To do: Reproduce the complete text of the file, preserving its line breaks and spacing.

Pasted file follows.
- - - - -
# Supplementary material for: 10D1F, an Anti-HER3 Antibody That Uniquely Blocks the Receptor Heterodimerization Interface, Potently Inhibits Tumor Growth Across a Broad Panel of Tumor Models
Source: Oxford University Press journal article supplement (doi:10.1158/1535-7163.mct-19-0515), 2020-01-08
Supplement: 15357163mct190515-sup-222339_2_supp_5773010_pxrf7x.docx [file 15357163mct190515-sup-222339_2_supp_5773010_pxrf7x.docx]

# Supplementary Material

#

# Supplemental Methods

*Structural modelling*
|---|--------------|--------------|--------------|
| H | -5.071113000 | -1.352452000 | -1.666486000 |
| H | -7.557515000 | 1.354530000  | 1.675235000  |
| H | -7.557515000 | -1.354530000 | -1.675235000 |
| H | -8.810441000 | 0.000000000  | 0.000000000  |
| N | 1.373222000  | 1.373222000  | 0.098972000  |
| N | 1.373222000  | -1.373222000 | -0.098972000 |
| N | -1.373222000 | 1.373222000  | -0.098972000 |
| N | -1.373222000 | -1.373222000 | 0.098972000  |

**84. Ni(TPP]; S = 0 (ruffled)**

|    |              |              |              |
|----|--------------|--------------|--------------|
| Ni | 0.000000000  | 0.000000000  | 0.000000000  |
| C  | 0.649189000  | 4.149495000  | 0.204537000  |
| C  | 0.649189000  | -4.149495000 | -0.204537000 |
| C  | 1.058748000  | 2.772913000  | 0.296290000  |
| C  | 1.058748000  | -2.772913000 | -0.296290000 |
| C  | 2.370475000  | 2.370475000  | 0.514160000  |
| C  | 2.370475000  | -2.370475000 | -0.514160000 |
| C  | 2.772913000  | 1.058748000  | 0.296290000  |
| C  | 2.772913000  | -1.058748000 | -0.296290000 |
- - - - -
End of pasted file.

# Supplementary material for: 10D1F, an Anti-HER3 Antibody That Uniquely Blocks the Receptor Heterodimerization Interface, Potently Inhibits Tumor Growth Across a Broad Panel of Tumor Models
Source: Oxford University Press journal article supplement (doi:10.1158/1535-7163.mct-19-0515), 2020-01-08
Supplement: 15357163mct190515-sup-222339_2_supp_5773010_pxrf7x.docx [file 15357163mct190515-sup-222339_2_supp_5773010_pxrf7x.docx]

# Supplementary Material

#

# Supplemental Methods

*Structural modelling*
|---|--------------|--------------|--------------|
| H | -5.071113000 | -1.352452000 | -1.666486000 |
| H | -7.557515000 | 1.354530000  | 1.675235000  |
| H | -7.557515000 | -1.354530000 | -1.675235000 |
| H | -8.810441000 | 0.000000000  | 0.000000000  |
| N | 1.373222000  | 1.373222000  | 0.098972000  |
| N | 1.373222000  | -1.373222000 | -0.098972000 |
| N | -1.373222000 | 1.373222000  | -0.098972000 |
| N | -1.373222000 | -1.373222000 | 0.098972000  |

**84. Ni(TPP]; S = 0 (ruffled)**

|    |              |              |              |
|----|--------------|--------------|--------------|
| Ni | 0.000000000  | 0.000000000  | 0.000000000  |
| C  | 0.649189000  | 4.149495000  | 0.204537000  |
| C  | 0.649189000  | -4.149495000 | -0.204537000 |
| C  | 1.058748000  | 2.772913000  | 0.296290000  |
| C  | 1.058748000  | -2.772913000 | -0.296290000 |
| C  | 2.370475000  | 2.370475000  | 0.514160000  |
| C  | 2.370475000  | -2.370475000 | -0.514160000 |
| C  | 2.772913000  | 1.058748000  | 0.296290000  |
| C  | 2.772913000  | -1.058748000 | -0.296290000 |